Around the world, political commitment has helped to foster the creation of large biofuel markets. Many governments have set biofuel mandates and targets for both first generation (1G) and second generation (2G) biofuels. However, 2G biofuels (i.e. cellulosic ethanol) are thought to be one of the more promising long-term alternatives to petroleum-based fuels. Unlike 1G biofuels such as corn-based ethanol, 2G biofuels can be made from agricultural waste, avoiding competition with the food industry over edible crops. In addition, their CO2 reduction potential is significantly larger than that of 1G biofuels. More than 25 years after the cellulosic ethanol-industry emerged, the conversion of lignocellulosic biomass to biofuel is finally moving to a commercial scale.
Lignocellulosic biomass – conversion processes
There are a number of different options in order to convert lignocellulosic biomass to higher value products. One of them requires enzymatic hydrolysis which is conducted through so called cellulase. Cellulase refers to a suite of enzymes produced chiefly by fungi, bacteria and protozoans that catalyze cellulolysis (i.e. the hydrolysis of cellulose). If applied to pretreated biomass, they transform certain plant fibers to sugars. These can then be fermented and refined to cellulosic ethanol and a wide range of biochemicals.
Despite setbacks – 2G biofuels are gaining importance
For the US and Europe, enhanced political support of 2G biofuels over 1G biofuels is represented by the Renewable Fuel Standard (RFS) – a federal mandate for the blending of biofuels into US transportation fuel – and a recent proposal from the European Commission (EC). The RFS limits blending of 1G biofuels to 15 billion gallons per year (see Figure 2).The EC proposal contains measures aimed at eliminating incentives for the continued displacement of food crops for fuel. Despite its bright projected future, the cellulosic ethanol industry is still in its infancy. One of the bottlenecks has been the cost of cellulase enzymes. Throughout the last 10 to 15 years, hundreds of millions of US dollars have been invested into enzyme research in order to enhance the efficiency of the conversion process. Even though a lot of progress could be made, there have been numerous setbacks in the past. For the last three consecutive years, the US Government had to reduce its mandate for 2G biofuels, because the projected volume of cellulosic biofuel production couldn’t meet the volume specified in the statute. The 2010 mandate of 100 million gal was lowered to 5 million gal, the 2011 mandate of 250 million cut to 6.6 million and the 2012 mandate of 500 million lowered to 8.65 million.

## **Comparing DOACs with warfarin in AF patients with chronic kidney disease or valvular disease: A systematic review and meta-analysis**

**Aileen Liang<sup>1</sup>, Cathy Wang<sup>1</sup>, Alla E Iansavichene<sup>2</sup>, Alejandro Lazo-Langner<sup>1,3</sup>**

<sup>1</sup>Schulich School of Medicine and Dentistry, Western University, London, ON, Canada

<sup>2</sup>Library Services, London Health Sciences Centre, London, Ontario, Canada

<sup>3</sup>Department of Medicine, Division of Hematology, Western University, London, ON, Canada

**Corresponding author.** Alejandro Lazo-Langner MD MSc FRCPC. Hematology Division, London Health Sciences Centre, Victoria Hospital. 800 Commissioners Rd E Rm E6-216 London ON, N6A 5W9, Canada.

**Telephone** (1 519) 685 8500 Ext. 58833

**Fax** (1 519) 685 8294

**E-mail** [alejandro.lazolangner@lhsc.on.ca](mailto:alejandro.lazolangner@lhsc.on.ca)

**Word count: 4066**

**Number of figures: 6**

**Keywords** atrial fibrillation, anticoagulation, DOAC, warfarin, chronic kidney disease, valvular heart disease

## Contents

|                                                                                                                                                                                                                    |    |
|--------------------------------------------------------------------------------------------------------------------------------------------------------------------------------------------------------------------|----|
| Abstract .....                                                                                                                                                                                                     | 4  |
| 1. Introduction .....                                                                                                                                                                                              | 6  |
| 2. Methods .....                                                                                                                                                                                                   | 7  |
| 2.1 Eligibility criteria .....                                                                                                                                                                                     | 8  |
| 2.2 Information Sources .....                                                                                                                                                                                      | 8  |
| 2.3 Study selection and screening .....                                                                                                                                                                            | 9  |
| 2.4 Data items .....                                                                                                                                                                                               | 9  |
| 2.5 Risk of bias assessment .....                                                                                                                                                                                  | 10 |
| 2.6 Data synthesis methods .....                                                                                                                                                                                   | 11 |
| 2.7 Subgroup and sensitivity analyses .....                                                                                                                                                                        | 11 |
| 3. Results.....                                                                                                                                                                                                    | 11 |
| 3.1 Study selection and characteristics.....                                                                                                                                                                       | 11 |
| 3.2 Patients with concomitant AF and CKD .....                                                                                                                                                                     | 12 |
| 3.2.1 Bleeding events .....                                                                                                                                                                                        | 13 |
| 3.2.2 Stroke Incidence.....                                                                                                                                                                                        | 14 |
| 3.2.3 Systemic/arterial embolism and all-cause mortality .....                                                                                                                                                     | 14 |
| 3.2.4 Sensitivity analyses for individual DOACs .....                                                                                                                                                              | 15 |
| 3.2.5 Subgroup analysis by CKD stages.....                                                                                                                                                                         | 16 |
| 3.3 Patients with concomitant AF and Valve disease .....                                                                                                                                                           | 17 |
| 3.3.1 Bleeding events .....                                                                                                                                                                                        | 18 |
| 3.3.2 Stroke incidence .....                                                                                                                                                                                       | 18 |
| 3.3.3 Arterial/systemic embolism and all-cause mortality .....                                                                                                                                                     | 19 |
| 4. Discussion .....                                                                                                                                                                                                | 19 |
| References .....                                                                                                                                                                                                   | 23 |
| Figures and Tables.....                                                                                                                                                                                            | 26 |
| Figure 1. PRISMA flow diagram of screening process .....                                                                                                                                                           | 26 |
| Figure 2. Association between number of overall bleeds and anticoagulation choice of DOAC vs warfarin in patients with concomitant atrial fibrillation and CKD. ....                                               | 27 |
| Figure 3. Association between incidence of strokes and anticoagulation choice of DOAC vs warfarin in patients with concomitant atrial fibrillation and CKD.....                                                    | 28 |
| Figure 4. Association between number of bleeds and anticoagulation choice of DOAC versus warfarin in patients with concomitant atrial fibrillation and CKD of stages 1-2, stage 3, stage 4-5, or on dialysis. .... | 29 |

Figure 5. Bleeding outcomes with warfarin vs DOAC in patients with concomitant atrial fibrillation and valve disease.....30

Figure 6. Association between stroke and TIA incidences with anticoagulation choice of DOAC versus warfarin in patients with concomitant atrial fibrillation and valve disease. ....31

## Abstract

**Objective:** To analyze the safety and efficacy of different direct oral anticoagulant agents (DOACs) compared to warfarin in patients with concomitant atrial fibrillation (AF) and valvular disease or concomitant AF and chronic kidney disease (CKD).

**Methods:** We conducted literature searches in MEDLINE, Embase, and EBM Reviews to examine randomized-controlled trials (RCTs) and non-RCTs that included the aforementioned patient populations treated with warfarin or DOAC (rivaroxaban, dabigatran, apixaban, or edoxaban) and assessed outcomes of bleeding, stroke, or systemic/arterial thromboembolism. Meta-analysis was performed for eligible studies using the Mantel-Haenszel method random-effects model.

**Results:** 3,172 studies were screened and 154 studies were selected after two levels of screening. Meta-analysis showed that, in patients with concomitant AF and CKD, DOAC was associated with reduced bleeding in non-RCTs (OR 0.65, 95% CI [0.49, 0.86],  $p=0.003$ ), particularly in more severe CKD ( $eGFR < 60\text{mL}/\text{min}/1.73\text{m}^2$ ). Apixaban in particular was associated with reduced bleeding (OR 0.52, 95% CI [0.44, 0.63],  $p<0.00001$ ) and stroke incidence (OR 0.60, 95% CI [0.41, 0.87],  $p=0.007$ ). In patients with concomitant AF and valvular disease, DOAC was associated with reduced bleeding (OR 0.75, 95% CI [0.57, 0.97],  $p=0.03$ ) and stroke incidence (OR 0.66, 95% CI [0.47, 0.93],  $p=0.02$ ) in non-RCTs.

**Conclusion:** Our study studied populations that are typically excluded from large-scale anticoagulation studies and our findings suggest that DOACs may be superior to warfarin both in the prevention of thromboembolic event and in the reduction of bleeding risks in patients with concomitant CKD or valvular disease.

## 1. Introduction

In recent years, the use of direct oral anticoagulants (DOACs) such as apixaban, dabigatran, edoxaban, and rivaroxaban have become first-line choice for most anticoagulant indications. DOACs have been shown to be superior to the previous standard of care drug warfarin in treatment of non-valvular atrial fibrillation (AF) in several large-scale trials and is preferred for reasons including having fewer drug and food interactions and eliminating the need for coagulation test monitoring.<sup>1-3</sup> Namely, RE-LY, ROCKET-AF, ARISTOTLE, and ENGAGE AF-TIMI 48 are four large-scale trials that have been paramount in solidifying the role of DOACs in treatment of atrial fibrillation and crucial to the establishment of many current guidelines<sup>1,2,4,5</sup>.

However, the industry is slowly moving towards commercialization. Last year, Beta Renewables started operations at their Crescentino site in Italy – the world’s first commercial-size 2G biofuel plant. In addition, we witnessed various groundbreakings for large biofuel plants across the globe. With that progress, we can expect numerous plants to follow as soon as the first commercial plants prove to be running successfully. So, even though the industry is still behind initial expectations, 2G biofuels are finally becoming a reality.
Interview with Poul Ruben Andersen, Vice President Bioenergy, Novozymes:
“In all major regions, commercial plants are coming online”
In recent years the economic pressure and the demand for ecological and sustainable energy has risen. At present the biofuel industry can not reach the political and social requirements. GoingPublic talked to Poul Ruben Andersen, Vice President Bioenergy, Novozymes, about how Novozymes asseses the situation and meets demands.
GoingPublic:What are your future expectations regarding the market for biofuels and biobased chemicals?
Andersen: For the coming years, we see great potential for next generation biofuels and biochemicals, while we expect the markets for existing (1G) biofuels to level off. The world’s first commercial cellulosic ethanol plant started in September 2012 and there are a couple of plants about to start in China. In all major regions – North America, Latin America, Europe and China – commercial plants are coming online within the next two years.
GoingPublic: What are the main drivers for this development?
Andersen: The increased demand for oil is propelling the development of biofuels and biobased chemicals as a renewable alternative. It also creates a strong political desire for energy/supply security, job creation and CO2 reductions.